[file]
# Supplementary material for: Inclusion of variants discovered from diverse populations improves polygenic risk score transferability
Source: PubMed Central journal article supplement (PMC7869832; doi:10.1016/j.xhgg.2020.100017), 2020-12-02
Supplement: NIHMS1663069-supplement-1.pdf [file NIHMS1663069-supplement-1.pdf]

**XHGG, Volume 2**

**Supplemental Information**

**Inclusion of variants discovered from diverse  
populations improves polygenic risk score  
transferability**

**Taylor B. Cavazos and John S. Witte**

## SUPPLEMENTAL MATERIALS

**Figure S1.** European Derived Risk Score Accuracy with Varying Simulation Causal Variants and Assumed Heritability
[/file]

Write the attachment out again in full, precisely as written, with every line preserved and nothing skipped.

# Supplementary material for: Inclusion of variants discovered from diverse populations improves polygenic risk score transferability
Source: PubMed Central journal article supplement (PMC7869832; doi:10.1016/j.xhgg.2020.100017), 2020-12-02
Supplement: NIHMS1663069-supplement-1.pdf [file NIHMS1663069-supplement-1.pdf]

**XHGG, Volume 2**

**Supplemental Information**

**Inclusion of variants discovered from diverse  
populations improves polygenic risk score  
transferability**

**Taylor B. Cavazos and John S. Witte**

## SUPPLEMENTAL MATERIALS

**Figure S1.** European Derived Risk Score Accuracy with Varying Simulation Causal Variants and Assumed Heritability